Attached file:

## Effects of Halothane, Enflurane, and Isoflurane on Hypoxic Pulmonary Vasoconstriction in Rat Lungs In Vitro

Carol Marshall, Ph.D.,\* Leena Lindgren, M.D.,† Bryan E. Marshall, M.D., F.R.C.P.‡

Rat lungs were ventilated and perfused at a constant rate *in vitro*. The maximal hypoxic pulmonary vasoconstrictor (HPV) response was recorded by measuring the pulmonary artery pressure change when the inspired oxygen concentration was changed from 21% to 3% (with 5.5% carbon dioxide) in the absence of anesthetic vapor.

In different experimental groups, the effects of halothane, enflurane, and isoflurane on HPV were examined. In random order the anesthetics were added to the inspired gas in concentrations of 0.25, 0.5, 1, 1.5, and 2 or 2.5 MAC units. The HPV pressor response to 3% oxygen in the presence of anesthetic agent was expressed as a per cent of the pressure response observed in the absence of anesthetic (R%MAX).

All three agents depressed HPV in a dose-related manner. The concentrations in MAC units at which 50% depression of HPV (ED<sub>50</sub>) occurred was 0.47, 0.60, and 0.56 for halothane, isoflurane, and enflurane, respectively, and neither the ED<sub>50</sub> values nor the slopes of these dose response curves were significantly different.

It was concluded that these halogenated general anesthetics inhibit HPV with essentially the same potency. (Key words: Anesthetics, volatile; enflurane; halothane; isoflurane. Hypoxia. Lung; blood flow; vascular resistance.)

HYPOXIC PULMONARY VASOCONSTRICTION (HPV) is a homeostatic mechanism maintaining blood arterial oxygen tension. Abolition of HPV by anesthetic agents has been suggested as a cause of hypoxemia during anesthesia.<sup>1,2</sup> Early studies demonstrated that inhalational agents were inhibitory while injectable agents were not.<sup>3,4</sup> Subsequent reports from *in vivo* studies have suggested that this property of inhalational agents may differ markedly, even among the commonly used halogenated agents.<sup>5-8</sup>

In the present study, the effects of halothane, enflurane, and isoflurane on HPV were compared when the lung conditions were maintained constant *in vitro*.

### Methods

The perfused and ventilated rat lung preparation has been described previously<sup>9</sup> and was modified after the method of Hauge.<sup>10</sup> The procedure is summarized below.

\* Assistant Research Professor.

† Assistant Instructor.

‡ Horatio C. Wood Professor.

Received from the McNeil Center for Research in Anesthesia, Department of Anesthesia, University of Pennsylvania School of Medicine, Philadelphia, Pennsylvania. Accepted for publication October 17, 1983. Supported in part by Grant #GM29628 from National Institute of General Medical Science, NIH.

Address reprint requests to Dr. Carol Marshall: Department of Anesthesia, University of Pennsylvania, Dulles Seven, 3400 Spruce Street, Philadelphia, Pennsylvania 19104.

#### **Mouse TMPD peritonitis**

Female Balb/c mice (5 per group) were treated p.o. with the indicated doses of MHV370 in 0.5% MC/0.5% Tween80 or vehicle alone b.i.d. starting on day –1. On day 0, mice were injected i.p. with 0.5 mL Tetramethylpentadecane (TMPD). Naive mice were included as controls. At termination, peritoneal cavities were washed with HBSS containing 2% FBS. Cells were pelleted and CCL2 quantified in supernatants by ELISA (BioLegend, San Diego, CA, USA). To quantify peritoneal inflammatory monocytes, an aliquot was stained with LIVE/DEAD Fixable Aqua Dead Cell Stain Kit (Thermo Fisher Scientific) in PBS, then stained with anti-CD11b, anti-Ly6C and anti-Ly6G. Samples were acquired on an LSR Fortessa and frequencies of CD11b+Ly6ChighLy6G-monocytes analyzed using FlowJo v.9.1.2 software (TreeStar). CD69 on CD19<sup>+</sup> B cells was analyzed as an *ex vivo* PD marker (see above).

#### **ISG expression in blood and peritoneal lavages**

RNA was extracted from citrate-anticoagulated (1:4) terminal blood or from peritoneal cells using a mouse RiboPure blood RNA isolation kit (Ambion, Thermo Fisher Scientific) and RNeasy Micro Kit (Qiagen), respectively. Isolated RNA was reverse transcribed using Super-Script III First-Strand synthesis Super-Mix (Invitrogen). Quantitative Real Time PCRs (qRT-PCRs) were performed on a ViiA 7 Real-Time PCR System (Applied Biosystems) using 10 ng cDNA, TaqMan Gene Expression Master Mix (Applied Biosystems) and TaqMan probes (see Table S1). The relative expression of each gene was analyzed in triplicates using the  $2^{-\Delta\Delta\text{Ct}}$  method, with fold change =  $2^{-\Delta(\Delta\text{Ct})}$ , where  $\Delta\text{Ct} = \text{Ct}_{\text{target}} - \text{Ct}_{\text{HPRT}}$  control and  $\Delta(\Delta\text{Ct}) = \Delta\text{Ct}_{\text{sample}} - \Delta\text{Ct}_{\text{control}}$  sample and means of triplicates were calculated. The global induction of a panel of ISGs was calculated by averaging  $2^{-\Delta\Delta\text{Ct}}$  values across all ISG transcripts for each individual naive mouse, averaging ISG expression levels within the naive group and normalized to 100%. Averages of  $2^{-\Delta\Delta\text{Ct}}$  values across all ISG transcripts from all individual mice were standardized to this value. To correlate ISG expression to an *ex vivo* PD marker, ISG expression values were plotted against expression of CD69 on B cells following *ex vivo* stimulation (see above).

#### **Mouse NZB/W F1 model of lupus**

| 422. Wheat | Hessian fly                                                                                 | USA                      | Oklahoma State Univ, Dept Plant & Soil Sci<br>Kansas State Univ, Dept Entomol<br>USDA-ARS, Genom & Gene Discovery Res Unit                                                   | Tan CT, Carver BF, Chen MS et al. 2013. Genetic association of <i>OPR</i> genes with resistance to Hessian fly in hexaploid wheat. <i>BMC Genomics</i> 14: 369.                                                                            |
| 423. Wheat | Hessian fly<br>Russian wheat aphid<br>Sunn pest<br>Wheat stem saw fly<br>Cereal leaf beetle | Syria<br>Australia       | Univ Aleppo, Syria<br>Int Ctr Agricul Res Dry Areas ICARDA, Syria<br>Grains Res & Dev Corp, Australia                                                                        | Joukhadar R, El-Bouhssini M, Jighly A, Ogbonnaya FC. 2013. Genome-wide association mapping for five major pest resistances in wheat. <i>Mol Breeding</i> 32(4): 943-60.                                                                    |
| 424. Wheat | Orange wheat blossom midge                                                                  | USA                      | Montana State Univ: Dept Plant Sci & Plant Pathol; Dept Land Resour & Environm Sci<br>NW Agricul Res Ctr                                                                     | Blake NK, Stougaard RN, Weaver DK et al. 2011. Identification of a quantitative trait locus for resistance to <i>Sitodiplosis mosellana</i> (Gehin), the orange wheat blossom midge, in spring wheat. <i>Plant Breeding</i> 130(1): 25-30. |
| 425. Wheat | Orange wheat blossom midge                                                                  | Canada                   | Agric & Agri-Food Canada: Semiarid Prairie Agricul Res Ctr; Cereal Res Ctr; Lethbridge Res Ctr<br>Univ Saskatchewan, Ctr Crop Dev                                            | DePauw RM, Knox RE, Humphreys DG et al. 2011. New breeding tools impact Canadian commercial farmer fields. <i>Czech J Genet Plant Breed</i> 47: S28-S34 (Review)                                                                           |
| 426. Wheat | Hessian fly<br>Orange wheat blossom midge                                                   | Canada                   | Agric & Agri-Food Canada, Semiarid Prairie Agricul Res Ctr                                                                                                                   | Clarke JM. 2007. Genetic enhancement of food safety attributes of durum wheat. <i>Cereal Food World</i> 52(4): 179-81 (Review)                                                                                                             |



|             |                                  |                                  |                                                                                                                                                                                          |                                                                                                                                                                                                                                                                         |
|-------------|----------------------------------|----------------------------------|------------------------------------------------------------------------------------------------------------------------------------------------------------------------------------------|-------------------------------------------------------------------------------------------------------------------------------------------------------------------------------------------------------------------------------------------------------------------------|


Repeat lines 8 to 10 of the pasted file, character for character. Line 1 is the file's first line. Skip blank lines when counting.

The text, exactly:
In the present study, the effects of halothane, enflurane, and isoflurane on HPV were compared when the lung conditions were maintained constant *in vitro*.

### Methods

The perfused and ventilated rat lung preparation has been described previously<sup>9</sup> and was modified after the method of Hauge.<sup>10</sup> The procedure is summarized below.